The beginning of Dick’s film shows a list of all the director’s who have had to buckle under to the MPAA’s demand for them to edit their movies, and it reads like a hall of fame of modern directors. These are the greatest intellectuals cinema has to offer the world and their work is being edited by a secret panel of suburban parents, who have absolutely no intellectual guidelines to do so other than what they find suitable to be seen in an American movie theater.
This is horrifying to me because next to television and possibly the internet there is no other medium in America as influential to attitudes and social mores as movies. Dick’s argument also shows the numbing effect of the modern corporation. The MPAA was completely set up by the 7 major film studios, and it continues to serve their purposes. In the movie, Matt Stone, relates how when the board gave him an NC-17 for the movie Orgazmo, he was told that the board wouldn’t tell him what was deemed offensive at all, but when his major studio film South Park Bigger, Longer, and Uncut was rated he was given a list of what to cut to get an R rating.
Dick, in full prankster mode, actually hired a private detective to identify the secret panels that deal with rating movies and handling filmmaker appeals, put their names and pictures in his film, and then submitted it to the MPAA. Their response and his appeal process reveal a world that indeed someone who had just read Kafka’s the Trial would find brutally terrifying. Film makers aren’t even allowed to compare their films to other films that have gotten previous ratings by the board. In fact, any filmmaker that has a problem with the MPAA is pretty much at their mercy for the rest of their career.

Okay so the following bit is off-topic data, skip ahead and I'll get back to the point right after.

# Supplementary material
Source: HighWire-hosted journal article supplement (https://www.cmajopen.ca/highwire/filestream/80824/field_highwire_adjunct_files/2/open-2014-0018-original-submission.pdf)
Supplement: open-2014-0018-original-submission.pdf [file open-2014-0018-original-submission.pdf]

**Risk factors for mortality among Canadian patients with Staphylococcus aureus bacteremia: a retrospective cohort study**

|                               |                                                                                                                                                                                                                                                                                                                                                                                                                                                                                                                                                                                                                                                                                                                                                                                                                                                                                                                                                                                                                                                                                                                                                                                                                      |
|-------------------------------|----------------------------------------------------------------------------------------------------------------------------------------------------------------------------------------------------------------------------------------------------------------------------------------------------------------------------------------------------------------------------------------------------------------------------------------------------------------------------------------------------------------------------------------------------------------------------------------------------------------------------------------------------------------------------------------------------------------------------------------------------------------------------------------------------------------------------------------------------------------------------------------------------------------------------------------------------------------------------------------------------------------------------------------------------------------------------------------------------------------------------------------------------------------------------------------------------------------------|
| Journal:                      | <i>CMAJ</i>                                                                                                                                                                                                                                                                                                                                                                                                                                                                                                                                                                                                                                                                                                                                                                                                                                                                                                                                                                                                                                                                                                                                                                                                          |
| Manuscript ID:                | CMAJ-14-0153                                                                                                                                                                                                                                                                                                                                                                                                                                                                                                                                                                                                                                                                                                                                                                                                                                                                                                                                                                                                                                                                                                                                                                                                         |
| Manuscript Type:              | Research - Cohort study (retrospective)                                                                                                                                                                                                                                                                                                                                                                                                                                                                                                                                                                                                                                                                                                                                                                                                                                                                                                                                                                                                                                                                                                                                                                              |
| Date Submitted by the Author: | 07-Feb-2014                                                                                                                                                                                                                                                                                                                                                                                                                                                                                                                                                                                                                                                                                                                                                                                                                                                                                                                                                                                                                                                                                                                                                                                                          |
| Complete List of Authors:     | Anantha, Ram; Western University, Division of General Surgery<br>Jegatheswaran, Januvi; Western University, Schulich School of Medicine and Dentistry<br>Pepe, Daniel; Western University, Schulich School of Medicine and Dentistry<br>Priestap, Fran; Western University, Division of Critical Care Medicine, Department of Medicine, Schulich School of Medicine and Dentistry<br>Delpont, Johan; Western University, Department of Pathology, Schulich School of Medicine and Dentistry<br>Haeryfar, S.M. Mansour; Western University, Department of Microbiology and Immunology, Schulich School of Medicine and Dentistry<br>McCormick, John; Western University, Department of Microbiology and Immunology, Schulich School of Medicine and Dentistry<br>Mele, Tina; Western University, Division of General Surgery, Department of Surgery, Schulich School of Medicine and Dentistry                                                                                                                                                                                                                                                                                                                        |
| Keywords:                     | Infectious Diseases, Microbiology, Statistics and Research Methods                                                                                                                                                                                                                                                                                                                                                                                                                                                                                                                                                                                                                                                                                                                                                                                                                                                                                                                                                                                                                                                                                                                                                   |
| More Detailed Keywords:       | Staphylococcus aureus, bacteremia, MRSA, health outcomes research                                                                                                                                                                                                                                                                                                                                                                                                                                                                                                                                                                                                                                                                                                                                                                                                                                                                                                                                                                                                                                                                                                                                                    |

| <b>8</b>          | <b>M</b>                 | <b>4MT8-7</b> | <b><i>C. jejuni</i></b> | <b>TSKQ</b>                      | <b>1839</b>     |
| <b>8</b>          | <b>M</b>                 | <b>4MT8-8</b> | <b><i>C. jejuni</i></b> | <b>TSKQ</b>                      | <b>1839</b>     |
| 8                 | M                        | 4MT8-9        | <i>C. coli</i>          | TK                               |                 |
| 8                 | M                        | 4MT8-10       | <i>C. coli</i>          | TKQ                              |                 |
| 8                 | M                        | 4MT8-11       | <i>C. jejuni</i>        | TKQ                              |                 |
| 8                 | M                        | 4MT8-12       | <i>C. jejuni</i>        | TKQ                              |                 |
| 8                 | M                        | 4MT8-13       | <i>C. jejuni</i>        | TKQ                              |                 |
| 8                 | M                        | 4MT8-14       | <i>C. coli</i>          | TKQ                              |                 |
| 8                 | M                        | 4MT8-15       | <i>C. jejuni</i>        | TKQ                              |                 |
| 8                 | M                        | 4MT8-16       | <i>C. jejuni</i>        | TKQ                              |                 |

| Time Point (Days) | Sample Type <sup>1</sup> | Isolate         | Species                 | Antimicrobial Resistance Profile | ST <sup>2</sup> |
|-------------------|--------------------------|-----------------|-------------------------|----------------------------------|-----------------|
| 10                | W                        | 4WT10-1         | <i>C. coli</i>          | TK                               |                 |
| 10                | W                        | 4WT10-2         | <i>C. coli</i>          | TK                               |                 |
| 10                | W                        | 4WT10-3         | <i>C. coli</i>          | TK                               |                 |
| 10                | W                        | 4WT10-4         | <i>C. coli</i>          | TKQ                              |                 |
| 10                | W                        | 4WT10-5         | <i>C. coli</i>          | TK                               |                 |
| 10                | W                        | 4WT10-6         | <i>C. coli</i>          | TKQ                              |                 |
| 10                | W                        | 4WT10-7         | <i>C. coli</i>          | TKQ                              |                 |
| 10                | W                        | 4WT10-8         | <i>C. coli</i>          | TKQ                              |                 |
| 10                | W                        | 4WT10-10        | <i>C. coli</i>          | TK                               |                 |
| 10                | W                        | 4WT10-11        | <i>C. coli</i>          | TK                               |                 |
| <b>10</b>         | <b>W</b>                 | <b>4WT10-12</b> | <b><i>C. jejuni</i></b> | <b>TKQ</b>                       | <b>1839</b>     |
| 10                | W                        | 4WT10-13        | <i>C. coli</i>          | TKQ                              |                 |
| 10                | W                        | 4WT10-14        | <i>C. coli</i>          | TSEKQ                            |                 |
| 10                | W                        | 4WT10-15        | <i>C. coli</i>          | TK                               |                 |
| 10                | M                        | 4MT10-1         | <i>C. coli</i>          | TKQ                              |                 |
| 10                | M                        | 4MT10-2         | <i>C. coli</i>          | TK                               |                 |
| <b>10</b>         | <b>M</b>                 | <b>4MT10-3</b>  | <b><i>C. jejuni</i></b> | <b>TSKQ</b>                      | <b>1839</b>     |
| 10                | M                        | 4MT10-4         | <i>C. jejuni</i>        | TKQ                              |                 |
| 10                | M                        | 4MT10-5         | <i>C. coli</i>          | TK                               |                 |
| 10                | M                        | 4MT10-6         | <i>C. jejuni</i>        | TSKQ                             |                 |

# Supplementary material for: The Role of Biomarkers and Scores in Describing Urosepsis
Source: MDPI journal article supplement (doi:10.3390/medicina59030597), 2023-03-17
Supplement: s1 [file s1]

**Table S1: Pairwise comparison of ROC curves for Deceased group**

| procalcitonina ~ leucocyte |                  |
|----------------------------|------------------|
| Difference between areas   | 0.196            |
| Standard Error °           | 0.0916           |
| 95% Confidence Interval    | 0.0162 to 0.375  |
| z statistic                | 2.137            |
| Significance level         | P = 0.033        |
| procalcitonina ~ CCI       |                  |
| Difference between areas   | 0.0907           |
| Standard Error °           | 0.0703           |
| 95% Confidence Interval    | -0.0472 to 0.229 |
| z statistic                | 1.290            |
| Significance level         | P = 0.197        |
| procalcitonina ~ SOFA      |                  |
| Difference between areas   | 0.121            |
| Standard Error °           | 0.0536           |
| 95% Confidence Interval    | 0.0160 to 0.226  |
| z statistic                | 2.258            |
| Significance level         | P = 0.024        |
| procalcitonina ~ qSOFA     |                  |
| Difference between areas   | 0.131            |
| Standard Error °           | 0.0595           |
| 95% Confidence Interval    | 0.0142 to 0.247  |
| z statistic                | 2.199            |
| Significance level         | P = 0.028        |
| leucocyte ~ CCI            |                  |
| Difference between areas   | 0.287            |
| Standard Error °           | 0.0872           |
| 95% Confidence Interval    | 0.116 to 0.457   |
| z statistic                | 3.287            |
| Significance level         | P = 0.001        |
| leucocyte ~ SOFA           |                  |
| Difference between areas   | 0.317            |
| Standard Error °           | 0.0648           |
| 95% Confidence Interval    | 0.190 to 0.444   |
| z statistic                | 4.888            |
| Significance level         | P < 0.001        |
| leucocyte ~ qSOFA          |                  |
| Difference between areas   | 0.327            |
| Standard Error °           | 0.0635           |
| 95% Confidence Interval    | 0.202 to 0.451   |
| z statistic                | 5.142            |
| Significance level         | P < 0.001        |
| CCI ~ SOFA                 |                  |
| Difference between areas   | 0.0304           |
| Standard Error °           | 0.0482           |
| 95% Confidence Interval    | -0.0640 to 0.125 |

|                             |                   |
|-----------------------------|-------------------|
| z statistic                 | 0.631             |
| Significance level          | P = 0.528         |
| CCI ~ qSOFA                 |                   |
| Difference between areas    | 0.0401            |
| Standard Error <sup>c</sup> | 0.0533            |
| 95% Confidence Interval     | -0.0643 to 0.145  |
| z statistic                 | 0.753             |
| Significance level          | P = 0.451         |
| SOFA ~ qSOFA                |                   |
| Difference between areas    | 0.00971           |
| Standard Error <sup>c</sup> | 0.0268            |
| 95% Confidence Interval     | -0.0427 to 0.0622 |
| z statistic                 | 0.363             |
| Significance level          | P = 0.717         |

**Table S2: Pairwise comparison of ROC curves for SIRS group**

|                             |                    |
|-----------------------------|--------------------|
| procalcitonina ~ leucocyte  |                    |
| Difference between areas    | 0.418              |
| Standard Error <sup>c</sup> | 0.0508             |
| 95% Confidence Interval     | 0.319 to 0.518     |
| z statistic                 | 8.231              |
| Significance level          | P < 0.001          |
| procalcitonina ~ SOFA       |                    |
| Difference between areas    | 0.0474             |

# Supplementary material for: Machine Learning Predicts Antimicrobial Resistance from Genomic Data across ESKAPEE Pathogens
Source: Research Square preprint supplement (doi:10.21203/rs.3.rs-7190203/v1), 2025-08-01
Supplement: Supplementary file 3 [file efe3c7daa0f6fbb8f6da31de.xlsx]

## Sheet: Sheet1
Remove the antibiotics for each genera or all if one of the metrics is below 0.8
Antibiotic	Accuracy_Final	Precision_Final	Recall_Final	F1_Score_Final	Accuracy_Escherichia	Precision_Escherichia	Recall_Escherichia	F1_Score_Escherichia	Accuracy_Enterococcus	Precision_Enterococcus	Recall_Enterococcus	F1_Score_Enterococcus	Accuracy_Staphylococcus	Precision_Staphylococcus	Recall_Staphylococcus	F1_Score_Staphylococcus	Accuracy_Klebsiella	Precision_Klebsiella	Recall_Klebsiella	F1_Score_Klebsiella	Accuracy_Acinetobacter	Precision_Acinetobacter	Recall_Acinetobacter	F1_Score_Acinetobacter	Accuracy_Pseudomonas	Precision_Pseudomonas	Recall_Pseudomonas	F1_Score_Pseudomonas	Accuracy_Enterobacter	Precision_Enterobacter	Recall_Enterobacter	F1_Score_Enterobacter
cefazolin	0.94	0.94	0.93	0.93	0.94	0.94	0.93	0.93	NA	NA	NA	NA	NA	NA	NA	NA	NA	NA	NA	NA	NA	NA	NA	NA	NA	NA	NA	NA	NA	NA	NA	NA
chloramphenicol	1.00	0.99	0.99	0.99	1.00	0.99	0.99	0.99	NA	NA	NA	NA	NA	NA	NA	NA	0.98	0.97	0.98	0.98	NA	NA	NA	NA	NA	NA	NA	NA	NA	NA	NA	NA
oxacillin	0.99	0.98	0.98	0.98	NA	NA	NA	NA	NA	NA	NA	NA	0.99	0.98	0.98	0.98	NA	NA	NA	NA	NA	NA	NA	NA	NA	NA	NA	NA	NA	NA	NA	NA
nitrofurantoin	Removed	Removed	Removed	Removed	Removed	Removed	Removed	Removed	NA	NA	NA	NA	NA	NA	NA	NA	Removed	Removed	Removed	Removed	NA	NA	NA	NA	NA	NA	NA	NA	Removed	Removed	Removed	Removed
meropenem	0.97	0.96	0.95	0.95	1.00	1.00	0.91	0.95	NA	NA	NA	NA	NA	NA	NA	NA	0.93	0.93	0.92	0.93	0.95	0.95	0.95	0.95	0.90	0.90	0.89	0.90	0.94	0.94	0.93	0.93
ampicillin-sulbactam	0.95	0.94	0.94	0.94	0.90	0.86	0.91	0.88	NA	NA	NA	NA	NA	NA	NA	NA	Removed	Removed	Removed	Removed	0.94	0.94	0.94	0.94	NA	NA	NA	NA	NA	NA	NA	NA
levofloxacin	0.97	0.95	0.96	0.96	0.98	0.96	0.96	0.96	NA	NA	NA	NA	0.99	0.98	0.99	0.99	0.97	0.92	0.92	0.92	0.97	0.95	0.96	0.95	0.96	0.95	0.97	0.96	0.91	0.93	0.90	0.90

That means that you’ll continue to see movies that find sex to be more deplorable than violence, and realistic violence more harmful than cartoon violence. This Film Is Not Yet Rated is an essential and courageous movie. My guess is that in the future Kirby Dick could submit a version of the Flintstones and find it rated NC-17. I also appreciate the bravery of Stone, Kevin Smith, Kimberly Pierce, and Maria Bello for speaking eloquently and persuasively about their experiences, while still in the movie business.
Nevertheless, I’ll leave with my new favorite example of the industry’s hypocrisy, which due to it’s time of filming, Dick couldn’t comment on. There is a long scene in the film where Bello discusses how her film the Cooler was originally rated NC-17, due to a brief flash of her pubic hair. Bello would then go on to make a History of Violence, a film, which though rated R, shows a full, unobstructed view of the same region for nearly 60 seconds. Don’t try to make sense of it all, it will only make you dizzy.